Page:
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Painting by Yoram Raanan.(Photo by: YORAM RAANAN)
Parashat Lech Lecha: Abraham, monotheism – and what next?
Was Abraham the first monotheist? Apparently not.
In this week’s parasha of Lech Lecha, Abraham is chosen by God to be the first patriarch of the Jewish nation, at the age of 75. Why was he chosen? What do we actually know about Abraham our Patriarch? Jewish tradition tells us about a boy who gazed up at the sky, looked at the stars and asked himself, “Who made all this?” Later, he looked at people and asked himself, “What is the right way to behave?” He saw people suffering, and their pain touched his heart, so he asked “Why?” He was a child searching for answers to every question.

But the environment in which Abraham was raised did not provide him with the answers he was looking for. He got answers full of myths about gods battling one another; he was told that many powers administer the world, and therefore he should not search for justice anywhere. Abraham was not persuaded.

One day, he experienced enlightenment: There is one, omnipotent God Who leads the entire world.

He understood this essence, internalized it, and never abandoned it for a moment. He also taught it to his friends, which threatened the local rulers.

“One day,” they feared, “people will stop believing that the rulers’ power is divine.” This threat led them to throwing Abraham into a furnace. God saved him, and he escaped with his family to another city, and there he was given a mission: "Go forth from your land... to the land that I will show you.... And I will make you into a great nation....” (Genesis 12:1-2).

Was Abraham the first monotheist? Apparently not.

He was indeed considered the father of monotheism, but he was not the first. Our sages told of people who preceded Abraham who also believed in one god.

Archeological research also proves the existence of faith in one god among the nations of the region. And yet, only Abraham merited being considered the founder of monotheism. Why is this? In what way was he unique? Abraham took this one step further. He understood that only one God exists. And he understood that this one God has a clear path. He understood that if God has a specific path, this must hold some message for us humans. He understood that faith demands action, as the Torah describes: “...because he commands his sons and his household after him, that they should keep the way of the Lord to perform righteousness and justice” (ibid. 18:19).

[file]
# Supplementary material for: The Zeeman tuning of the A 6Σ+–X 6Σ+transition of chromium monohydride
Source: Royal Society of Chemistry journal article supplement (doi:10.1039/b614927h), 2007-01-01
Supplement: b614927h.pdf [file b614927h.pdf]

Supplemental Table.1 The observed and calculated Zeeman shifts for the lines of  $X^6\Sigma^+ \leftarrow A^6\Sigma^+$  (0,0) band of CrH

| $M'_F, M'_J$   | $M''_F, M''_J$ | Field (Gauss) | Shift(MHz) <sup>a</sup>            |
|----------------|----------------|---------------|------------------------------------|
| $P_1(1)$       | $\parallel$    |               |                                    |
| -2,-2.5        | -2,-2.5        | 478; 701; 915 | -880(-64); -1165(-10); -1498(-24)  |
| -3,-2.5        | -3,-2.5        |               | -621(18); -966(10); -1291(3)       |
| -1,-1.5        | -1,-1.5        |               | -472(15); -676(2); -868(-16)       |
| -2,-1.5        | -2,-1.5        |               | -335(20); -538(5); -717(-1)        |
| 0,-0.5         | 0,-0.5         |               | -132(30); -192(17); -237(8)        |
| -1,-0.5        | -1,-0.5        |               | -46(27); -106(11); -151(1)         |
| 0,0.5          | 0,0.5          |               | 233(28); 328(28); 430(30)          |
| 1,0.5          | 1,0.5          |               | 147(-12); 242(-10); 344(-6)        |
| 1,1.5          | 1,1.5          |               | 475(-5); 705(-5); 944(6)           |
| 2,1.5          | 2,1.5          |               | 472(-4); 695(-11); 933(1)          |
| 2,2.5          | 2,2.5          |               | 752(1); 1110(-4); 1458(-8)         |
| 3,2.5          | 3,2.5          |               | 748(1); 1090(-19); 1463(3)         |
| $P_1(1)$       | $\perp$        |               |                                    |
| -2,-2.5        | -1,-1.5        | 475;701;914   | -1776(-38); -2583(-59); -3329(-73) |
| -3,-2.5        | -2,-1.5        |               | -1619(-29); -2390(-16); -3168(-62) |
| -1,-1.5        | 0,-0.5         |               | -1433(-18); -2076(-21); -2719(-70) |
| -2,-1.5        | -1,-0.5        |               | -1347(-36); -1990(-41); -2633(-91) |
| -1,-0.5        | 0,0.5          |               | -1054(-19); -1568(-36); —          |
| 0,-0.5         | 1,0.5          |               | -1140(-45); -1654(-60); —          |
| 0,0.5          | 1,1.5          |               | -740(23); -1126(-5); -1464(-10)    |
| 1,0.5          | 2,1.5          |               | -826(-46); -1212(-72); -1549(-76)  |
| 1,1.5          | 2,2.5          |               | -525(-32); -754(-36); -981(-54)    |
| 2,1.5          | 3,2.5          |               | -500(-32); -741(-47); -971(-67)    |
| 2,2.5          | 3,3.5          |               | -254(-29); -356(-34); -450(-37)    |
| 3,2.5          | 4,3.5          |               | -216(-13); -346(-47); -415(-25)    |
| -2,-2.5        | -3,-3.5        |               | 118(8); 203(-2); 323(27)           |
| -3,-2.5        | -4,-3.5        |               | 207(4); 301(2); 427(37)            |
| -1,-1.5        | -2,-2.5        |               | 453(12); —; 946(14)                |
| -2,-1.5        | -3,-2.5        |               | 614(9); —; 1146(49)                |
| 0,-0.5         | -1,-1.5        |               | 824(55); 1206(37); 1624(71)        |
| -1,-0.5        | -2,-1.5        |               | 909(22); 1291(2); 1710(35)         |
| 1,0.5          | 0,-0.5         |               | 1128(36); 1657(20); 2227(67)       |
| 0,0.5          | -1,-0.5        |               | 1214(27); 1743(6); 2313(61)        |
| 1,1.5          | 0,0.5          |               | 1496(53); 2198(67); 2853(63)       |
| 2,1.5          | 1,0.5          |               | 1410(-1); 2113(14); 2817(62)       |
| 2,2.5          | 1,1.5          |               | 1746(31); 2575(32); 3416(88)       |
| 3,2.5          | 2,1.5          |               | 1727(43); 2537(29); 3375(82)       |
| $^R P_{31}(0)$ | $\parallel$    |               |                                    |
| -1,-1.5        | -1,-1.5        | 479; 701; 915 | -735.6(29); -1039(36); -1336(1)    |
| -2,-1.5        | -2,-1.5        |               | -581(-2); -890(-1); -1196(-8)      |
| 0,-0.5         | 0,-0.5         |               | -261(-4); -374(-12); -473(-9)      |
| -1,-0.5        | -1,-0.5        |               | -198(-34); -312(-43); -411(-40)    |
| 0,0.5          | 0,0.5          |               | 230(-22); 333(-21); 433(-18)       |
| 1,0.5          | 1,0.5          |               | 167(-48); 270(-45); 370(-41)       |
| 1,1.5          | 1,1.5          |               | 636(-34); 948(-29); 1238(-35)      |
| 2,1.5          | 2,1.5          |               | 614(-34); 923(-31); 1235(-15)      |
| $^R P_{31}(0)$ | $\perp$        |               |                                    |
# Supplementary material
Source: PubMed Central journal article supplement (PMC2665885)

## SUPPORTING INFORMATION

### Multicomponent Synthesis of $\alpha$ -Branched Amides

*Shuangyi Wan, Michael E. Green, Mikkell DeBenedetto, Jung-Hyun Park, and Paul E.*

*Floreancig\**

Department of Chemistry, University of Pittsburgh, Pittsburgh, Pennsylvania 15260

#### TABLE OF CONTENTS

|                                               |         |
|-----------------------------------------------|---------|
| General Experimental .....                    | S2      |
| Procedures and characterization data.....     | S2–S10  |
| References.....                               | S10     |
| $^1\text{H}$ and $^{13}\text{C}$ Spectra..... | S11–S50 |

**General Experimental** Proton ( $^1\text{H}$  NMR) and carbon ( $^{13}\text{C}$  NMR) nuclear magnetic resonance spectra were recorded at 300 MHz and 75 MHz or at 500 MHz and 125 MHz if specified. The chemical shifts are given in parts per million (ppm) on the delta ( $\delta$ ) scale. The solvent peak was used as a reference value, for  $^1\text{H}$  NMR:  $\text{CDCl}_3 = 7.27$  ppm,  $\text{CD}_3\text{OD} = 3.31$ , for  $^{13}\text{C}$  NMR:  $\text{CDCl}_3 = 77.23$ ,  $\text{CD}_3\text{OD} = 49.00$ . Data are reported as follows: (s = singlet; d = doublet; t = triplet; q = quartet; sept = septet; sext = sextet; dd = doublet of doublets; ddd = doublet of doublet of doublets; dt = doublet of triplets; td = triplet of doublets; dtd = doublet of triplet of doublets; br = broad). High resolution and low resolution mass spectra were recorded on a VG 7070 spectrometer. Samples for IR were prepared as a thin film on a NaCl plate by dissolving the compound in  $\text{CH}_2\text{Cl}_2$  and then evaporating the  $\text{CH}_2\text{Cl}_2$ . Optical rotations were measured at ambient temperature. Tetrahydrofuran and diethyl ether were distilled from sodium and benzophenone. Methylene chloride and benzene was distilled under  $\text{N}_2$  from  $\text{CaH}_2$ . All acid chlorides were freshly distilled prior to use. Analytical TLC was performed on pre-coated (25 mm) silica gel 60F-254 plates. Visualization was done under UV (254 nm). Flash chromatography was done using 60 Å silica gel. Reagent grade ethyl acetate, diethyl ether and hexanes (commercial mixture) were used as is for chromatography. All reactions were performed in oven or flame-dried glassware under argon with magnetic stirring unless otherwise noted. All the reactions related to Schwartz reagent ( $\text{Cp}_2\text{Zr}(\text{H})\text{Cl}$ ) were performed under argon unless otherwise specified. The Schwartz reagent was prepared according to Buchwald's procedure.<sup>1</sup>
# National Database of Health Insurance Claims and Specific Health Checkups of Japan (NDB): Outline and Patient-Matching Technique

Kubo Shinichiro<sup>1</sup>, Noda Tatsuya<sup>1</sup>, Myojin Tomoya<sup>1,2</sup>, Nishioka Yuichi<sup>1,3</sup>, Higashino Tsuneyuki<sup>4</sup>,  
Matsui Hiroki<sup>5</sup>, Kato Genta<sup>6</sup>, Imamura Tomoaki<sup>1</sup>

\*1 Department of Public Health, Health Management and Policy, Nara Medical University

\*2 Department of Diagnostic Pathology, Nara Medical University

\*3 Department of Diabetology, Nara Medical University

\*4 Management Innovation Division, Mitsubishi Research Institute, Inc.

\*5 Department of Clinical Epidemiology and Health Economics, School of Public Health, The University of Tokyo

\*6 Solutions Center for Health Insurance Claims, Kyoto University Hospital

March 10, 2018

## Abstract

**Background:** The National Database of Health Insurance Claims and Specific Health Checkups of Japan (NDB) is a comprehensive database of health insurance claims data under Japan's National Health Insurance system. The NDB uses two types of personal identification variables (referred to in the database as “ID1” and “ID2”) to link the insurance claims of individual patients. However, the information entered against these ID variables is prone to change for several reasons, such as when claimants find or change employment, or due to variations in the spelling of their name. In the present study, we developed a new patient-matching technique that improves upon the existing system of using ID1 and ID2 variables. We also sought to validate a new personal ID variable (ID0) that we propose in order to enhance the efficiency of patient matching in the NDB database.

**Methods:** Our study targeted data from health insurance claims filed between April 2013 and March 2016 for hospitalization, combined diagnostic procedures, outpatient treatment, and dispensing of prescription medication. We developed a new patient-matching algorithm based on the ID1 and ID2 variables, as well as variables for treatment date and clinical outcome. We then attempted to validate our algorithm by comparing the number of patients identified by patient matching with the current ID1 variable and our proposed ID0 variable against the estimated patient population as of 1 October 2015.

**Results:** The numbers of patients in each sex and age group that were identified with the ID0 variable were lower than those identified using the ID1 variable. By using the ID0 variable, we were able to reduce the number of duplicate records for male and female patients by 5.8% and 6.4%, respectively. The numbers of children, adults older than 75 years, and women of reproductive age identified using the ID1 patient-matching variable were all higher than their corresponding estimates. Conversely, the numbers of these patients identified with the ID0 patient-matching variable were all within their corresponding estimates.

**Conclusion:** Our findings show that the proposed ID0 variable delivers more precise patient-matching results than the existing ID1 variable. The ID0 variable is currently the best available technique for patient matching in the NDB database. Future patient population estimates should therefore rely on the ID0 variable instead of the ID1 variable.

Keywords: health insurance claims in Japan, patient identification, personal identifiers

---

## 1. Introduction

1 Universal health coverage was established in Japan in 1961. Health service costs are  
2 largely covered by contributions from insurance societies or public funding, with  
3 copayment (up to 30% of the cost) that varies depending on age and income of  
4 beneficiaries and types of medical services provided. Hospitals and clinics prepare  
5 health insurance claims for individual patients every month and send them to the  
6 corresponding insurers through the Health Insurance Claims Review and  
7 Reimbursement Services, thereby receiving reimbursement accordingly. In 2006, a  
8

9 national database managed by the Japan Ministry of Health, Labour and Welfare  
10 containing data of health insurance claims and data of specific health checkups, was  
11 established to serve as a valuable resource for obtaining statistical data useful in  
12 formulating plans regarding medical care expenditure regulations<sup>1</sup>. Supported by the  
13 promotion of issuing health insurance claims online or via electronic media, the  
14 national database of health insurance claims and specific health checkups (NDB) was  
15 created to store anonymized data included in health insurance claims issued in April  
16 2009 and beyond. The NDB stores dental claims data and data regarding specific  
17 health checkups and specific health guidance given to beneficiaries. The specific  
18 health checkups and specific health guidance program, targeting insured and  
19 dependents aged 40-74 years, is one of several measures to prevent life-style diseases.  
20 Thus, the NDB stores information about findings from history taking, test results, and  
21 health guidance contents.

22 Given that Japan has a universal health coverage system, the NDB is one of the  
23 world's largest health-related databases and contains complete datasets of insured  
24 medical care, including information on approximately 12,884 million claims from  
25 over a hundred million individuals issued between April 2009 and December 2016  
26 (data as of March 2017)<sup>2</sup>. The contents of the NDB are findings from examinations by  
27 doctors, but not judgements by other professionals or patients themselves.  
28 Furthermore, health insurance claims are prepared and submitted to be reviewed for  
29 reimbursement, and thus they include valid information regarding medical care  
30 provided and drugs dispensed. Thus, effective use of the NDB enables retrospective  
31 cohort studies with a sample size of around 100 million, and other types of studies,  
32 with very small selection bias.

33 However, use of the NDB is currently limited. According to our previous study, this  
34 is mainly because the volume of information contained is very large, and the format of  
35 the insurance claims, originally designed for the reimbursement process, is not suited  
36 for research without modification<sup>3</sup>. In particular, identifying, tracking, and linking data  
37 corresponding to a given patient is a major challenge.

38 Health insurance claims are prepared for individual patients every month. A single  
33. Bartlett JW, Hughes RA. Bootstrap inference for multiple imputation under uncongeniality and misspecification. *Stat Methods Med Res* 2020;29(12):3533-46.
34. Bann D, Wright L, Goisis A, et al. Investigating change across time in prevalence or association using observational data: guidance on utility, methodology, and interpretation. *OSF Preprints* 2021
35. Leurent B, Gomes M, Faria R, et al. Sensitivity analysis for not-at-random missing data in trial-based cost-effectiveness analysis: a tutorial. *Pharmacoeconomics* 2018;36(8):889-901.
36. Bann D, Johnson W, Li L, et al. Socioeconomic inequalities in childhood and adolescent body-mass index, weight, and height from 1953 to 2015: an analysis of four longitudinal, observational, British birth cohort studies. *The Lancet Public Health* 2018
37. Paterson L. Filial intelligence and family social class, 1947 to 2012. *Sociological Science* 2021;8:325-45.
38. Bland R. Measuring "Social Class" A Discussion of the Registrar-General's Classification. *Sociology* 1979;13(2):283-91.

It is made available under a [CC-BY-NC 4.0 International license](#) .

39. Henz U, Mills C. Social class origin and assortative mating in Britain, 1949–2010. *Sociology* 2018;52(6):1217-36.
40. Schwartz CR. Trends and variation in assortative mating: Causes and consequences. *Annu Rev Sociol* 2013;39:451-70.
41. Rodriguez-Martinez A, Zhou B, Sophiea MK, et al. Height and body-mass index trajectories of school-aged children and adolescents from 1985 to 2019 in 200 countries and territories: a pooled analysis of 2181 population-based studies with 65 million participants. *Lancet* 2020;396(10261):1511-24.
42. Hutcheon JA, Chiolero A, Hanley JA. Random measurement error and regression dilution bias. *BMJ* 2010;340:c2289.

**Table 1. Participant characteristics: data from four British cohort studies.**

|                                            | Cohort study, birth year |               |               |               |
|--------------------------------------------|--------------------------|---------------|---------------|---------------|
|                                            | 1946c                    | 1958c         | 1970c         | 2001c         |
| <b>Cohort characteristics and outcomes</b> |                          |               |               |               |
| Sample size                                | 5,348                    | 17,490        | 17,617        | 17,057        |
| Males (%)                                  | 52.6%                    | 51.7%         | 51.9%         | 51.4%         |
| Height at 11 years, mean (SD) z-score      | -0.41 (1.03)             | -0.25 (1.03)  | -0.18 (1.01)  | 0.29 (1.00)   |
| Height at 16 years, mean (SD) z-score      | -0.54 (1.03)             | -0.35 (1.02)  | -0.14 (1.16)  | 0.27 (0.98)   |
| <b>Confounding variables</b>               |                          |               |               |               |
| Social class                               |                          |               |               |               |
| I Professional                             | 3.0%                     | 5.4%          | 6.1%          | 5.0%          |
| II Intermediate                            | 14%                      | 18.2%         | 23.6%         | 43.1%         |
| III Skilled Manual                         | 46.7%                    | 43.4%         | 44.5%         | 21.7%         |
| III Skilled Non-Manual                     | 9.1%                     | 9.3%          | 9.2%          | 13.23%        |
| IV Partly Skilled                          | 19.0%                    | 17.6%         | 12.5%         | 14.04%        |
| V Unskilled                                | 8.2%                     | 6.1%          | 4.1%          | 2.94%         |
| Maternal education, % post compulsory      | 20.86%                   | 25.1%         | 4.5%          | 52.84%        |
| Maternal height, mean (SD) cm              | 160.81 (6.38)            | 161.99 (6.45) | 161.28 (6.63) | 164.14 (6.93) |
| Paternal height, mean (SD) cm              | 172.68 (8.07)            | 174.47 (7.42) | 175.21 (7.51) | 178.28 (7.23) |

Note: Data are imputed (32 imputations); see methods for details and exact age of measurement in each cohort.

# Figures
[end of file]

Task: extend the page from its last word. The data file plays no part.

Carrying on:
Abraham discovered the secret that made faith influential on the life of man. After years of searching, trial and error, he understood that faith that does not obligate proper behavior is empty. Faith obligates a human message, not tremendous monuments or glorious structures but a message that can be passed on, something that can be done by hand, a word that can be spoken, a smile.

Abraham understood that man is a significant creature with the power to change the world. He believed in this and, wherever he went, he called out in God’s name, taught and spread the message, with complete faith that every small human act carries great significance.

Abraham walked among idol worshipers and slowly gathered around him those who felt that idol worship was insufficient for their souls. He found people who agreed with the concept of monotheism. But he remained alone in his belief in the power of action.

One day, God promised, you will have a son. And from that son, an entire nation will come that will walk in your path. And Abraham? “And he believed in the Lord, and He accounted it to him as righteousness” (ibid. 15:6). And Abraham continued to believe.

The writer is the rabbi of the Western Wall and holy sites.
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